Remembering, Imagining, and Memory Traces: Toward a Continuist Causal Theory

In Christopher McCarroll, Kourken Michaelian & Andre Sant'Anna (eds.), Current Controversies in Philosophy of Memory. Routledge (forthcoming)
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The (dis)continuism debate in the philosophy and cognitive science of memory concerns whether remembering is continuous with episodic future thought and episodic counterfactual thought in being a form of constructive imagining. I argue that settling that dispute will hinge on whether the memory traces (or “engrams”) that support remembering impose arational, perception-like constraints that are too strong for remembering to constitute a kind of constructive imagining. In exploring that question, I articulate two conceptions of memory traces—the replay theory and the prop theory—that return conflicting answers to whether remembering is constructive imagining. The prop theory’s vision of traces is suggestive of continuism, while the replay theory’s is a natural fit for discontinuism. Which view of traces is in fact correct remains undetermined by current empirical work. Nevertheless, it may already be possible to reach a compromise in the (dis)continuism debate, through the development of a conciliatory continuist causal theory. This view—only outlined here—accepts the continuism-friendly prop theory of traces, while still requiring that genuine remembering fulfills an appropriate causation condition, as required by the kinds of causal theories of remembering typically favored by discontinuists.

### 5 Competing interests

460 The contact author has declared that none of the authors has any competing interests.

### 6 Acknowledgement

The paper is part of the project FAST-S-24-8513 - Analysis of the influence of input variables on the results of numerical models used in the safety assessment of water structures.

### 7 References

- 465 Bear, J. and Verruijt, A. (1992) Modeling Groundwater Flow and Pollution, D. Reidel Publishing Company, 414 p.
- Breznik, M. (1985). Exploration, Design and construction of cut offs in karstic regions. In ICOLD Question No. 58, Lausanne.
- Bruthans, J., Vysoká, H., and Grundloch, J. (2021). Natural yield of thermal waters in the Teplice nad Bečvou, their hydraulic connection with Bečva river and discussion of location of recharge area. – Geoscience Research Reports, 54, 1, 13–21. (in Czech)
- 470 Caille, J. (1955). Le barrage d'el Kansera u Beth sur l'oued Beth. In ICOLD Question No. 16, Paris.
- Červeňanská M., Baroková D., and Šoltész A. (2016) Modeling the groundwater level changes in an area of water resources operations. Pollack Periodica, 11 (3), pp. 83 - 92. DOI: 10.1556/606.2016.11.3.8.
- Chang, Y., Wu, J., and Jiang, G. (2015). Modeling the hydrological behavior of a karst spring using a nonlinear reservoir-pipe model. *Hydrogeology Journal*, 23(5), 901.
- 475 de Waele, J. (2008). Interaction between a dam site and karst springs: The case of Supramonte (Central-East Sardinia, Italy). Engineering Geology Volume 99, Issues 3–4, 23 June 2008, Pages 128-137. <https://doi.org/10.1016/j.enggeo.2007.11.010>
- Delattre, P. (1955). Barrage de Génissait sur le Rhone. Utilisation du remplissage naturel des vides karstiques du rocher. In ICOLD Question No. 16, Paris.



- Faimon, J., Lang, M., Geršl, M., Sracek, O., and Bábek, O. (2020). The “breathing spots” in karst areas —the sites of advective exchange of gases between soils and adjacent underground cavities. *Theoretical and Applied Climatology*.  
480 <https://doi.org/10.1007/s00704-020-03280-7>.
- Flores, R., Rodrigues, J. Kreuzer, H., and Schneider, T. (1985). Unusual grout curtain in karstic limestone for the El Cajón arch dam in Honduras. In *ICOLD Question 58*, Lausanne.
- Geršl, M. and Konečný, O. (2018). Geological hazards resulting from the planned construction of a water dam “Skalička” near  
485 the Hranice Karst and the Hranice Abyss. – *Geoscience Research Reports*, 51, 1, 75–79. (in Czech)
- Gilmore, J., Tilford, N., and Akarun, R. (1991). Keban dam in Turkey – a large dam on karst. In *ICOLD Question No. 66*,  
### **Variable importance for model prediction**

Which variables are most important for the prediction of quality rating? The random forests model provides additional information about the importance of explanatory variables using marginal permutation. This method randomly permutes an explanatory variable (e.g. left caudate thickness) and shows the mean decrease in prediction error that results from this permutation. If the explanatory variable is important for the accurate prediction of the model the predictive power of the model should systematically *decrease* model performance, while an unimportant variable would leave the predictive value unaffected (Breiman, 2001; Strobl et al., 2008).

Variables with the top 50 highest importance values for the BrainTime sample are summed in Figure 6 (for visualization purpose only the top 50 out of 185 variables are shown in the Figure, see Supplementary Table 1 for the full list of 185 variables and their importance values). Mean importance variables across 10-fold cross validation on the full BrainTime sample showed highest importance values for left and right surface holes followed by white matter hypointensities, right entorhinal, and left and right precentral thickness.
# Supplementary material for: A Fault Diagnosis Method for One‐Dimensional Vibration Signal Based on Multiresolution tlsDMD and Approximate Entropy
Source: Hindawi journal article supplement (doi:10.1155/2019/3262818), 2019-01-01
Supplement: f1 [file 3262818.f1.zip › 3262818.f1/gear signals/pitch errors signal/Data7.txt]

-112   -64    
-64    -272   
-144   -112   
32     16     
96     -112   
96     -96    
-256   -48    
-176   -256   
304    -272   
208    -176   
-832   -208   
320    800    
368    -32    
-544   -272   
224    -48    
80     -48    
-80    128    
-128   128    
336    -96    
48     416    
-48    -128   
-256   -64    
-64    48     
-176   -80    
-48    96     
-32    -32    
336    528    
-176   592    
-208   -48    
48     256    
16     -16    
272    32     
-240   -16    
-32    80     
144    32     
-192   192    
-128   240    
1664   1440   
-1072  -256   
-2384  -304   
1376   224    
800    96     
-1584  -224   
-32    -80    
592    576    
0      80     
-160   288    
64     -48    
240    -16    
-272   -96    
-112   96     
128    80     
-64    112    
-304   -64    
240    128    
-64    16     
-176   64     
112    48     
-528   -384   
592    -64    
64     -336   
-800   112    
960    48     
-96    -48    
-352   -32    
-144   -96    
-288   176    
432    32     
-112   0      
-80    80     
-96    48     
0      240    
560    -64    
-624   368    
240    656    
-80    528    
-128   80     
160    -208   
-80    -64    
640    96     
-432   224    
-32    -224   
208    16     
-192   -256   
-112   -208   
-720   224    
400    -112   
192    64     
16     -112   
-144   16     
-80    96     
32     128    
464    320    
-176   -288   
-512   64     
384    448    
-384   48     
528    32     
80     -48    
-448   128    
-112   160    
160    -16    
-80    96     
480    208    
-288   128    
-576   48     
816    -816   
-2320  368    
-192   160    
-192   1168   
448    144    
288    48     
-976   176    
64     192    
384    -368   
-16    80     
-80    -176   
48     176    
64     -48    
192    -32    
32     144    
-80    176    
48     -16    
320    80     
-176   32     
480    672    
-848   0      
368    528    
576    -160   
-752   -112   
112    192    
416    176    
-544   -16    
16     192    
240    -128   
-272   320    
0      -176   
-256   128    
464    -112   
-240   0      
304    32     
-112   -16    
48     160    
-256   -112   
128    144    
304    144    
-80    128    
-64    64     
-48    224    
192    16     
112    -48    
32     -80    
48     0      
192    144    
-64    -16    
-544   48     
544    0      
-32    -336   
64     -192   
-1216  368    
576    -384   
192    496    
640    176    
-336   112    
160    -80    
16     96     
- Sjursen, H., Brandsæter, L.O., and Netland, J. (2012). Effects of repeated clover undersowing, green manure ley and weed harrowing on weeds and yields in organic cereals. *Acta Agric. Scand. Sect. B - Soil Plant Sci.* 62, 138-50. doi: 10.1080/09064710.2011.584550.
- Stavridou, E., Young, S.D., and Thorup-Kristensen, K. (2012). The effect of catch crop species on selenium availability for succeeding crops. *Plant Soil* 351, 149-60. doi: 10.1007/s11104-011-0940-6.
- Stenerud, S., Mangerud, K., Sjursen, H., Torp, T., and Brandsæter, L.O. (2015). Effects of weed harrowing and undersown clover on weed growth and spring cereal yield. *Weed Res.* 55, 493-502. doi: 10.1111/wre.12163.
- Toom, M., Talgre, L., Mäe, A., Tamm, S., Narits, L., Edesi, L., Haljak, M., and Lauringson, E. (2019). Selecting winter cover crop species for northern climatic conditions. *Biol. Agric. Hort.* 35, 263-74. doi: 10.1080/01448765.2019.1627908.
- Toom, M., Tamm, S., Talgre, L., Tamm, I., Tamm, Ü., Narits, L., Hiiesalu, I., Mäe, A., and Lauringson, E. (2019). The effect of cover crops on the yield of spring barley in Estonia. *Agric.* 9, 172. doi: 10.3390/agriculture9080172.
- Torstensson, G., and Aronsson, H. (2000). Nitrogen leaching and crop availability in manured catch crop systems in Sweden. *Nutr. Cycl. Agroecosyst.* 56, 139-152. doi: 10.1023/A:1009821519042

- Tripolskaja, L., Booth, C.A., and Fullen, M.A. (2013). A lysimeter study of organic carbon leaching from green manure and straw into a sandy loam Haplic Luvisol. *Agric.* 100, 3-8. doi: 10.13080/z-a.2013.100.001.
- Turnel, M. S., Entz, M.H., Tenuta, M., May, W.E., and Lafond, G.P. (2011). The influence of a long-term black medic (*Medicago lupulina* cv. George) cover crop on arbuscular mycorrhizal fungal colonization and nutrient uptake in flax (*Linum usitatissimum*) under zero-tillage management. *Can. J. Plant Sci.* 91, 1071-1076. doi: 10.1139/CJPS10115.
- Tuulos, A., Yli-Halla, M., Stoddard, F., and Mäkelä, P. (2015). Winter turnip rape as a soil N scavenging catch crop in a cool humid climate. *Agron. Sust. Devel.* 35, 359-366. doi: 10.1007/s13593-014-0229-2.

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Peter Langland-Hassan
University of Cincinnati


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